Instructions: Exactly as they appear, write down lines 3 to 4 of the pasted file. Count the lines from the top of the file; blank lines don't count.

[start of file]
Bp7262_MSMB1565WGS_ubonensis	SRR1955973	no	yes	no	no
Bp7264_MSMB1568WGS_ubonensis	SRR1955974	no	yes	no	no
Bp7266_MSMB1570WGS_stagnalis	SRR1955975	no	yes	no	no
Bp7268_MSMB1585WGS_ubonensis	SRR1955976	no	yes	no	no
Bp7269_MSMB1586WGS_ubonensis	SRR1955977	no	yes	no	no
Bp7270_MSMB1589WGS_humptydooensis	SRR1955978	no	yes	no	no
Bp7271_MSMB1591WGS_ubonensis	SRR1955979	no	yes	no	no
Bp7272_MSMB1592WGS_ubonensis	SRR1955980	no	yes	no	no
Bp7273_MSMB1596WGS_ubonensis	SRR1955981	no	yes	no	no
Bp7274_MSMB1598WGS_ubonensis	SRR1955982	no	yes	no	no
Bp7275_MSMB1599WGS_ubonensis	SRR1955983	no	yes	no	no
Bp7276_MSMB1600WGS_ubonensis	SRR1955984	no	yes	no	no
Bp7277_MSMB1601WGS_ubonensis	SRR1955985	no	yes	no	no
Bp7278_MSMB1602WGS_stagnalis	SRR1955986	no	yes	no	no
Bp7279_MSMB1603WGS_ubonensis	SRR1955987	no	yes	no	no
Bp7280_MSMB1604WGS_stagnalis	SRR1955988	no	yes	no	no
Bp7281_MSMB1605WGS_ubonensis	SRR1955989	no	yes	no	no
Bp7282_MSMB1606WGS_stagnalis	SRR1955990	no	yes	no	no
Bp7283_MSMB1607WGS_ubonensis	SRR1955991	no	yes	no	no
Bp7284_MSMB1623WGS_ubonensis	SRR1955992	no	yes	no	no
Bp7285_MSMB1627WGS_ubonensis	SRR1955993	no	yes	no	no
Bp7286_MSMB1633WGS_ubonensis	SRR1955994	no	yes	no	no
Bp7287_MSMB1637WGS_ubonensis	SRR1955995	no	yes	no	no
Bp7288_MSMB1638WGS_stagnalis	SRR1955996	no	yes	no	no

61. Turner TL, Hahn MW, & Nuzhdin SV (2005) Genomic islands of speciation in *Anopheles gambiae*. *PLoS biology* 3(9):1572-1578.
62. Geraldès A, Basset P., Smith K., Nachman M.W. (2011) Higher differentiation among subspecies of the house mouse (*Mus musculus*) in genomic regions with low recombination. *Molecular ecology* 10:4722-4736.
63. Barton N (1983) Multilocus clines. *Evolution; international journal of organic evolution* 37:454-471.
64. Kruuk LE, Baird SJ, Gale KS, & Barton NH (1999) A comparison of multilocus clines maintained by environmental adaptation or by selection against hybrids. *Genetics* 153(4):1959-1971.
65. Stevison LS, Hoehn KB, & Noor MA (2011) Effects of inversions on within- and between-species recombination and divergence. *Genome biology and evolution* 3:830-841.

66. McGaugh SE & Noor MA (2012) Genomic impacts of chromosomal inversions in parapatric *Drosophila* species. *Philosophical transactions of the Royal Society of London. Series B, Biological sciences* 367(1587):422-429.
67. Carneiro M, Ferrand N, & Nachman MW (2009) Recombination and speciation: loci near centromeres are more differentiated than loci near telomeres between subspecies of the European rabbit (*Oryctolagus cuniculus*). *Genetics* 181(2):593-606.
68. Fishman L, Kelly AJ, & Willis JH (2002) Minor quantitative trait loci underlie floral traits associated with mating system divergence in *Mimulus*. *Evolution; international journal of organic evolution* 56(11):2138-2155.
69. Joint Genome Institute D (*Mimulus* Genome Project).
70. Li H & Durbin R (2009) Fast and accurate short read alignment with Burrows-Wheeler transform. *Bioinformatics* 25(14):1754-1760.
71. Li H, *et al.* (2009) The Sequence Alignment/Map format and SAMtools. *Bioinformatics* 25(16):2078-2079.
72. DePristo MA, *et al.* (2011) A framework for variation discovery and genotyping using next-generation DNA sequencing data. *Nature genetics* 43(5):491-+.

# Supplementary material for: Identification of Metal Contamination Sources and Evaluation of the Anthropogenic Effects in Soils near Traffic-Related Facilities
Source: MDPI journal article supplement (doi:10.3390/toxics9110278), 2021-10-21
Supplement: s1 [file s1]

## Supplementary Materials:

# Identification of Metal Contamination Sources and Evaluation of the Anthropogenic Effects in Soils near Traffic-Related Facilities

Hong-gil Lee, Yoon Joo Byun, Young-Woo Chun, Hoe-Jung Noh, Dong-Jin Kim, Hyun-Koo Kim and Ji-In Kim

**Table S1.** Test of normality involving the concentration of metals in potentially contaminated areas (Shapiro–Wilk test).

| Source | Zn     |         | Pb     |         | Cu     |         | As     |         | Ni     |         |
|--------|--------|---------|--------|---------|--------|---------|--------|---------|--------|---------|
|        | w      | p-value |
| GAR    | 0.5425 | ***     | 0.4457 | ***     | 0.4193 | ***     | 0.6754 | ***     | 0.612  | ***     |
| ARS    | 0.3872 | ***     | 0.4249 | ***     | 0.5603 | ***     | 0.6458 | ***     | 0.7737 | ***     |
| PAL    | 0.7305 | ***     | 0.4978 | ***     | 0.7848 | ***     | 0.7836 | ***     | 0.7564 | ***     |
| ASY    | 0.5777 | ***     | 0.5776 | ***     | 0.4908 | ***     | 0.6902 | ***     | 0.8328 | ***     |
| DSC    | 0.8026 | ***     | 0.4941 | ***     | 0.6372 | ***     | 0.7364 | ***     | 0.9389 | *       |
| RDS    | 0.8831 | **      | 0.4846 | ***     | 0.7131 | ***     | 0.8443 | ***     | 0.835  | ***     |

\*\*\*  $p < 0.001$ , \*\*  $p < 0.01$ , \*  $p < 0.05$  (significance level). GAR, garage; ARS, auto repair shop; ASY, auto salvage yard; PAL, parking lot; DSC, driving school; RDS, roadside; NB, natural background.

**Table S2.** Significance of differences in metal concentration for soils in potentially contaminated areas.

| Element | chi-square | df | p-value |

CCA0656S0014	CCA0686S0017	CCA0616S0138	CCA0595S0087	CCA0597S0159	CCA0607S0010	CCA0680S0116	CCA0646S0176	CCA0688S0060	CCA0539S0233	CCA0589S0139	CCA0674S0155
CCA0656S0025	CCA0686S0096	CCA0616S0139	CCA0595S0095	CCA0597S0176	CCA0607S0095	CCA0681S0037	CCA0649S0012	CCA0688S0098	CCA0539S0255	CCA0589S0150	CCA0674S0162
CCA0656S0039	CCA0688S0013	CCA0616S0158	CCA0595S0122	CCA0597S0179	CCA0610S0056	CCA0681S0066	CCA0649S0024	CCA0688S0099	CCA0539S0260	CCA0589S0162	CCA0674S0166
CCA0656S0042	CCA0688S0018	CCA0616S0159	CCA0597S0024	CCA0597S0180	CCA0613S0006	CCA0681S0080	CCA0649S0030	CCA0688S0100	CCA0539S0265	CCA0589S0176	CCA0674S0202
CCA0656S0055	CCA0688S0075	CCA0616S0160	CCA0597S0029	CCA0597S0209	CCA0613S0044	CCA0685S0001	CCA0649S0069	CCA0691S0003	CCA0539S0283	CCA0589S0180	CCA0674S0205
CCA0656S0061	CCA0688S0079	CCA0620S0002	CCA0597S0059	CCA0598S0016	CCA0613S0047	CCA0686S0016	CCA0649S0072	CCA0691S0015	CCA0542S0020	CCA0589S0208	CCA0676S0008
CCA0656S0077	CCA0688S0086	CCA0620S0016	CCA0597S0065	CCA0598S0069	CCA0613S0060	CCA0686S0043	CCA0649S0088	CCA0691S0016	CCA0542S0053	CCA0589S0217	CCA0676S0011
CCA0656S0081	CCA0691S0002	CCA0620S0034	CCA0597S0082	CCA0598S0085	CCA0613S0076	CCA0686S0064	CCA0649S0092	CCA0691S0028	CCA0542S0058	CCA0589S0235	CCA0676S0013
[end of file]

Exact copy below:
Bp7266_MSMB1570WGS_stagnalis	SRR1955975	no	yes	no	no
Bp7268_MSMB1585WGS_ubonensis	SRR1955976	no	yes	no	no